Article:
Staying hydrated is an absolute necessity for a healthy, functioning body. According to the Institute of Medicine, being hydrated means drinking 2.7 liters (or about 92 ounces) of water per day. But if y’all haven’t noticed, summer has most certainly arrived; as the temp goes up, so should your water intake. Why is that the case?
Dehydration occurs when you’re losing more water than you’re taking in, which is way more likely to occur on a hot day. You know how it goes. Your day is jam-packed with summertime activities. You’re running from one place to the next in the sweltering heat. You packed everything in your possession into your oversize beach bag... everything but a damn water bottle. You’re moving; you’re sweating. Uh-oh. You very well may find yourself dehydrated without even realizing.
“There are three general causes of excess fluid loss,” Laguna Hills gastroenterologist Kevin Ashby told SheKnows. “Those include fluid losses from the skin, like sweat or losses from severe burns, losses from the kidneys due to use of water pills or rare kidney disorders and gastrointestinal losses from diarrhea, vomiting and rare severe bleeding.”
If any of these conditions apply to you this summer, you need to be on high patrol for the secret signs of dehydration.
How do you know if you’re dehydrated?
There are some signs of dehydration that you’ll feel right away. Besides being really freakin’ thirsty, oftentimes a low water intake will cause a sense of fatigue and dizziness with standing. You may also begin to get muscle cramps that make it difficult to move normally.
Other signs of dehydration are a bit sneakier. Feeling a little lost for words? According to Dr. Joel Bartlett, an internal medicine physician at the Orange Coast Memorial Medical Center in Fountain Valley, California, some of the lesser-known symptoms include confusion, weakness and speech difficulties.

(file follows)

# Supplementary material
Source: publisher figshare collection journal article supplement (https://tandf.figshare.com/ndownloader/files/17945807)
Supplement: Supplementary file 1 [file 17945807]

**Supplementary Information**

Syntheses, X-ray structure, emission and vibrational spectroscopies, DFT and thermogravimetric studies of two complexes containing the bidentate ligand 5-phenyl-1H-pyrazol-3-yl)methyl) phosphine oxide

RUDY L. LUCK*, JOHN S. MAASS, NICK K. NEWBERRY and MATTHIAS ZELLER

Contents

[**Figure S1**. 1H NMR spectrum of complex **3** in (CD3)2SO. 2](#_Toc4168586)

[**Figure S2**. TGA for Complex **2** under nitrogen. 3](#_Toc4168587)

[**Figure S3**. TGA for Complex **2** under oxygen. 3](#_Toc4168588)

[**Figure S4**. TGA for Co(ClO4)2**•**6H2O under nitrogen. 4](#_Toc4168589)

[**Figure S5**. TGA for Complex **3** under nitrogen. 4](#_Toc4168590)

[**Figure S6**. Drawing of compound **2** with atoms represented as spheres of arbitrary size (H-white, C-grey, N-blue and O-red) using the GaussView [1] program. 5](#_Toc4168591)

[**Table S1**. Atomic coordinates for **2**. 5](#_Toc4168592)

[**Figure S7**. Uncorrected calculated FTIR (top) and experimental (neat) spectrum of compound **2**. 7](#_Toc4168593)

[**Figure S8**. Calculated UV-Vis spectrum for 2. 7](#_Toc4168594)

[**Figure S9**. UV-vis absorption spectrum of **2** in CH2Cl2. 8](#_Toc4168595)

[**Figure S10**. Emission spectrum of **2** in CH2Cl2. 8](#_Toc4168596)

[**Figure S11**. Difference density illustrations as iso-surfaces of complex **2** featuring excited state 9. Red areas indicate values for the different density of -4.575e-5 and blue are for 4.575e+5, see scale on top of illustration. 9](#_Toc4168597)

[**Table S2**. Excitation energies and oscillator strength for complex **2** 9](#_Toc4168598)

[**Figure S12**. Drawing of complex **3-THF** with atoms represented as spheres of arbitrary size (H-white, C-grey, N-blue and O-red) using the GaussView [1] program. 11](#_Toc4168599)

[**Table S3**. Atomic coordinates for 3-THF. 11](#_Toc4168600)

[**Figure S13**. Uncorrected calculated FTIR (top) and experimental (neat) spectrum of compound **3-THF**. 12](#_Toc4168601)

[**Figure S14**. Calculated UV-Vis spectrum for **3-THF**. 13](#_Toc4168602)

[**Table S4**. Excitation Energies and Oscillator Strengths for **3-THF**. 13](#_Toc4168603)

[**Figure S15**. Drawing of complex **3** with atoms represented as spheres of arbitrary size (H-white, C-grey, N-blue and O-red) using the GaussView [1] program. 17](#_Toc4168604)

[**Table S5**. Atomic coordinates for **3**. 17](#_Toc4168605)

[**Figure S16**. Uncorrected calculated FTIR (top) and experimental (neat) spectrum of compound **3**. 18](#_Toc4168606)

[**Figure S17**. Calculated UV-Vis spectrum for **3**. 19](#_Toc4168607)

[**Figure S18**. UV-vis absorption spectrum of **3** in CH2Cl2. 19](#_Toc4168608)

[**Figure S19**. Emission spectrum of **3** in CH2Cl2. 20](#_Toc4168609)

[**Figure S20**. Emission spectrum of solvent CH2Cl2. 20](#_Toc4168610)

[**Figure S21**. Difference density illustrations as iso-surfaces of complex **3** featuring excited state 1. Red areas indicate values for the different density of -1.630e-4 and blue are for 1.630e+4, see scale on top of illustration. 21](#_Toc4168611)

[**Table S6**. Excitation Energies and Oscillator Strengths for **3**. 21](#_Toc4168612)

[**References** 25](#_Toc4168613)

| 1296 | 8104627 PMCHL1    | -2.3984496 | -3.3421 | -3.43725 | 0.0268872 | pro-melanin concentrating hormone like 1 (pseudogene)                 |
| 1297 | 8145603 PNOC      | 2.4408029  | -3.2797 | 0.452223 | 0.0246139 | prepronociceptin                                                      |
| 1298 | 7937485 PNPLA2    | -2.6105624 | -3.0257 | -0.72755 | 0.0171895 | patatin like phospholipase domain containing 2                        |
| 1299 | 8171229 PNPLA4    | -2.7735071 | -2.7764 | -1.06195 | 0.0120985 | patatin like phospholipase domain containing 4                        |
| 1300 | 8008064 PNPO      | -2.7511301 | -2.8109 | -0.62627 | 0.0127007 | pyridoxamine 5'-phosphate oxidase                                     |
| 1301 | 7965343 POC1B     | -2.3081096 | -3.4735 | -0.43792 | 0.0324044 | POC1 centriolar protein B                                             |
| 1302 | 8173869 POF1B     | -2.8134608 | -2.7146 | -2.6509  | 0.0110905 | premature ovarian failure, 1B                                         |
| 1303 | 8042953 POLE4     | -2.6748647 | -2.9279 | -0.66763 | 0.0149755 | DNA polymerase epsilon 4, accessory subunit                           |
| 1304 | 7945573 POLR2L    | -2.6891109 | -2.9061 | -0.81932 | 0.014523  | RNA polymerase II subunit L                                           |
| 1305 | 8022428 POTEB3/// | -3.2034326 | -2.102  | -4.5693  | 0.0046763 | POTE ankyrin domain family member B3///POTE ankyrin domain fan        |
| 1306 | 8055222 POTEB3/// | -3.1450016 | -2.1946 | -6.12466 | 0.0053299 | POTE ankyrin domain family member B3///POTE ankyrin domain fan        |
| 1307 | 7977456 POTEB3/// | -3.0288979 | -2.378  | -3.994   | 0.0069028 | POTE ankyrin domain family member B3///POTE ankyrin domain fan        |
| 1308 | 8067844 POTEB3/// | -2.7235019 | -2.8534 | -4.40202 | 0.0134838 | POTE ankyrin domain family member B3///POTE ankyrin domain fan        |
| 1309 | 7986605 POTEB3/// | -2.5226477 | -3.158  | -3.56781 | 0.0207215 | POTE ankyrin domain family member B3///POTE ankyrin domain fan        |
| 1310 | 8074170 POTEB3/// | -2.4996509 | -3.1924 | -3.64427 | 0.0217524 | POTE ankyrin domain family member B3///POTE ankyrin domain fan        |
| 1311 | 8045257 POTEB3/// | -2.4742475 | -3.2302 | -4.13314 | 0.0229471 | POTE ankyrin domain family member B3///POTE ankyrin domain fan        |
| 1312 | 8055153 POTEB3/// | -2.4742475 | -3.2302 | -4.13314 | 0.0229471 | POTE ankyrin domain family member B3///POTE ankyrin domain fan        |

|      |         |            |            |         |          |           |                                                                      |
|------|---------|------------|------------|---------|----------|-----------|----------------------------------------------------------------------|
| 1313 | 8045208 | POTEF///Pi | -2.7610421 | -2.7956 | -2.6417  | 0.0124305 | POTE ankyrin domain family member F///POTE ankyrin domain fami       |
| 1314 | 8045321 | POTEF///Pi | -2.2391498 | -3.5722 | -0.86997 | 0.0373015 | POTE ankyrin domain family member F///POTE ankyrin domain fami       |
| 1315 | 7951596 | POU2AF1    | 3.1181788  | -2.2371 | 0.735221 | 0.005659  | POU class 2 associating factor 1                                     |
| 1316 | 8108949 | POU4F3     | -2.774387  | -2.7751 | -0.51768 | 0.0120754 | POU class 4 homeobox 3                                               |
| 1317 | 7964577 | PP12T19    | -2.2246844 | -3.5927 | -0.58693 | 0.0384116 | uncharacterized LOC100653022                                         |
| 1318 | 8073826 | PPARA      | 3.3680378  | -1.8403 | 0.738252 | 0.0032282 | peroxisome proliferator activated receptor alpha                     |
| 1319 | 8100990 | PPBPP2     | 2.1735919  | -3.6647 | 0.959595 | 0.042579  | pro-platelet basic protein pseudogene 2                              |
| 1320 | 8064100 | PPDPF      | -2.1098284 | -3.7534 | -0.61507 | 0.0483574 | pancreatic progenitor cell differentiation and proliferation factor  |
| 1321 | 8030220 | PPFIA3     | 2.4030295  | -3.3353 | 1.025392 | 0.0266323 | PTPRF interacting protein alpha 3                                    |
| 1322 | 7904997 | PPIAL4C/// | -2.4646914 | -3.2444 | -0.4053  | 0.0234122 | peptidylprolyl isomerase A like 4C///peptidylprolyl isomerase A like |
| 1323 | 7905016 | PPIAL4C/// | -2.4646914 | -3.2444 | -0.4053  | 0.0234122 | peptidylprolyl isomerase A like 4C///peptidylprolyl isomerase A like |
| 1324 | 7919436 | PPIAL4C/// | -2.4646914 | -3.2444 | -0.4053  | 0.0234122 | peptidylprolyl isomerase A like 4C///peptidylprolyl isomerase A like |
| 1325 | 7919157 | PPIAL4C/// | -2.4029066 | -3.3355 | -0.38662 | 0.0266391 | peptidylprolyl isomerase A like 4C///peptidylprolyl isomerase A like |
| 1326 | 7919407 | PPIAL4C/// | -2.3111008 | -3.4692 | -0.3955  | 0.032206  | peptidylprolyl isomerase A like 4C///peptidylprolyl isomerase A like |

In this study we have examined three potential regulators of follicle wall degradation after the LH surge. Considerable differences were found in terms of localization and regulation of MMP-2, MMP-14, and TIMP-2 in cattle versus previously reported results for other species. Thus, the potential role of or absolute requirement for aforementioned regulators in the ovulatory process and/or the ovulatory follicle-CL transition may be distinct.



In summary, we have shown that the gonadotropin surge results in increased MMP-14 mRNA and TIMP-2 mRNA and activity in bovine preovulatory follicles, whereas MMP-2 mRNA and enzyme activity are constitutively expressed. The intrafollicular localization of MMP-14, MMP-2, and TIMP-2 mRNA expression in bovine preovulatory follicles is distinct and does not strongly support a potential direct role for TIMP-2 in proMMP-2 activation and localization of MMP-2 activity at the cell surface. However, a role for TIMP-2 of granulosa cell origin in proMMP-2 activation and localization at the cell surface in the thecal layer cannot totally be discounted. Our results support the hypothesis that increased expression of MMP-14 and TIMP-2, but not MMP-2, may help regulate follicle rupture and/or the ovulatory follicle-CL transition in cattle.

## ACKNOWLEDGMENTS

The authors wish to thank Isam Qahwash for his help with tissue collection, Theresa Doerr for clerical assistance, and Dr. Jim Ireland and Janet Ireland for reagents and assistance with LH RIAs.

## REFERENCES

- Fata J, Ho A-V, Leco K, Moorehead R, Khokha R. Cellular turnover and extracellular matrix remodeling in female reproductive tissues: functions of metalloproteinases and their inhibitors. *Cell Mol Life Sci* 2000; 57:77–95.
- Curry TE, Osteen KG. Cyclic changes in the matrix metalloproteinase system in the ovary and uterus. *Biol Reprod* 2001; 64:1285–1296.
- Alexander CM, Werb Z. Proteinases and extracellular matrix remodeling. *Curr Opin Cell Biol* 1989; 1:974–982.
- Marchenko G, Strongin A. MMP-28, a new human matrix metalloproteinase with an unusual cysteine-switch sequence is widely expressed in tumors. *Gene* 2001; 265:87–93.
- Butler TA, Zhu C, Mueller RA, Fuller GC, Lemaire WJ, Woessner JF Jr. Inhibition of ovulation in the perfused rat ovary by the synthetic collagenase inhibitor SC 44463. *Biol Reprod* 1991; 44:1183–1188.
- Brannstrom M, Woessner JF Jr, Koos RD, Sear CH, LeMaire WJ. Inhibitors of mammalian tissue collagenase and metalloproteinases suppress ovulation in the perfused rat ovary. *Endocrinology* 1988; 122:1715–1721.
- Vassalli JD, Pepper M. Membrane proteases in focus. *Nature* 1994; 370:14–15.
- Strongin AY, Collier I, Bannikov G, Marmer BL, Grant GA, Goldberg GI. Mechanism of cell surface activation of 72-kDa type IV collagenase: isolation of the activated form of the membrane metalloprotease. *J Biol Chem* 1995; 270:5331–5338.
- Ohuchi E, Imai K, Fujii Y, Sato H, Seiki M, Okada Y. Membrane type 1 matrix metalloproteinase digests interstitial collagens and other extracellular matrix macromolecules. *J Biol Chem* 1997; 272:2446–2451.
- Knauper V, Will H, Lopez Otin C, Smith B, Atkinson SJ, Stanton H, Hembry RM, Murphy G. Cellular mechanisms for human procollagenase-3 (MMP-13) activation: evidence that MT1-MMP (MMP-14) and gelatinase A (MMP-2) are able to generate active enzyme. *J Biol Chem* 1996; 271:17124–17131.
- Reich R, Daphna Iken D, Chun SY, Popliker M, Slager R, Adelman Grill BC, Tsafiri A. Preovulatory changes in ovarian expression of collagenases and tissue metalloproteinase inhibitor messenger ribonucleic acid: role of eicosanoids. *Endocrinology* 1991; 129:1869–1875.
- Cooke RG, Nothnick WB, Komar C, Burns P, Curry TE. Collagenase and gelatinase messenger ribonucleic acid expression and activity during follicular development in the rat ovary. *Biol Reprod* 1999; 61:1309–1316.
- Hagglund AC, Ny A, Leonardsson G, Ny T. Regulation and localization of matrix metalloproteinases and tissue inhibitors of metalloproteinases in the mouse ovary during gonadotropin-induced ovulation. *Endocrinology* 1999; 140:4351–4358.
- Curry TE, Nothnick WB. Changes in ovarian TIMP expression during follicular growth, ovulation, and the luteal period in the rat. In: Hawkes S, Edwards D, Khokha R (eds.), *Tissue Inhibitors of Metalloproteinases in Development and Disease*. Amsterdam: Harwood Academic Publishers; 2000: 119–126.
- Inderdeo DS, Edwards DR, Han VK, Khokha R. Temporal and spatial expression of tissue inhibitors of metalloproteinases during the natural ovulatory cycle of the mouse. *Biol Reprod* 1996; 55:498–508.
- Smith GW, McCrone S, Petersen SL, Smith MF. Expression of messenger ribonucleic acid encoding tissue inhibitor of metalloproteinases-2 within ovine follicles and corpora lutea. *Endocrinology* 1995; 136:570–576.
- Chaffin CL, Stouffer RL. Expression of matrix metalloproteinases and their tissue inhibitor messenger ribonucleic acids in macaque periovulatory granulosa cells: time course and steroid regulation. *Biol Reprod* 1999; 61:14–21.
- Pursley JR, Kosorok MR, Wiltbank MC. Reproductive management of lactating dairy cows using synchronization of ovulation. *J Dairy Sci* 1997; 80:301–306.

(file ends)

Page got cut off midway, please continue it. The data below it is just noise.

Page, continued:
Some of the more severe warnings include seizures or even becoming comatose. However, these are rare and occur after very long periods without liquid intake.
“These symptoms as a rule don't occur in isolation,” said Ashby. “Other more common symptoms of dehydration are very likely to be present.”
Rather than blaming any of these symptoms on the heat, stress or lack of sleep, get yourself some water while you can.
What do you do if you’re dehydrated?
The obvious answer here would be to drink water. But you can actually expedite this process by fueling up with electrolyte-fused beverages such as Gatorade, Pedialyte or Powerade.
If you’re nauseated or vomiting, Bartlett recommends "frequent sips," which means drinking a small amount every 30 to 60 minutes.
But if the symptoms don’t seem to be going away, it may be time to seek medical help.
“Your doctor can see signs of dehydration upon physical examination,” Ashby added. “These signs include dry mucous membranes (like the inside of your mouth), low blood pressure and decreased skin turgor, where the skin doesn't bounce back and rapidly flatten out when the skin is pinched.”
Besides ruining your sunny day, being dehydrated can have some serious long-term impacts on your body, including liver dysfunction and kidney injuries. So if you’re feeling unsure about your hydration, it might be best to get yourself to a doctor ASAP.
And how do you know if you are hydrated?
A good measurement would be the color of your urine. If you’re super-hydrated, it should be almost clear. If you find that it’s a bit darker in color, it may be time to chug.
You can also make personal efforts to keep track of how much you are drinking. For starters, you should be carrying your own reusable water bottle with you whenever you leave the house. Try counting the number of times you refill it. If you still struggle with keeping up with your water intake, try using an app like MyWater. With the click of a button, you can tally the total number of ounces of water, coffee, and tea that you down throughout the day and set notifications to remind you to keep on sippin’ on. As a bonus, the app allows you to track the water intake of your friends, family and children too — making sure everyone is kept safe this summer.
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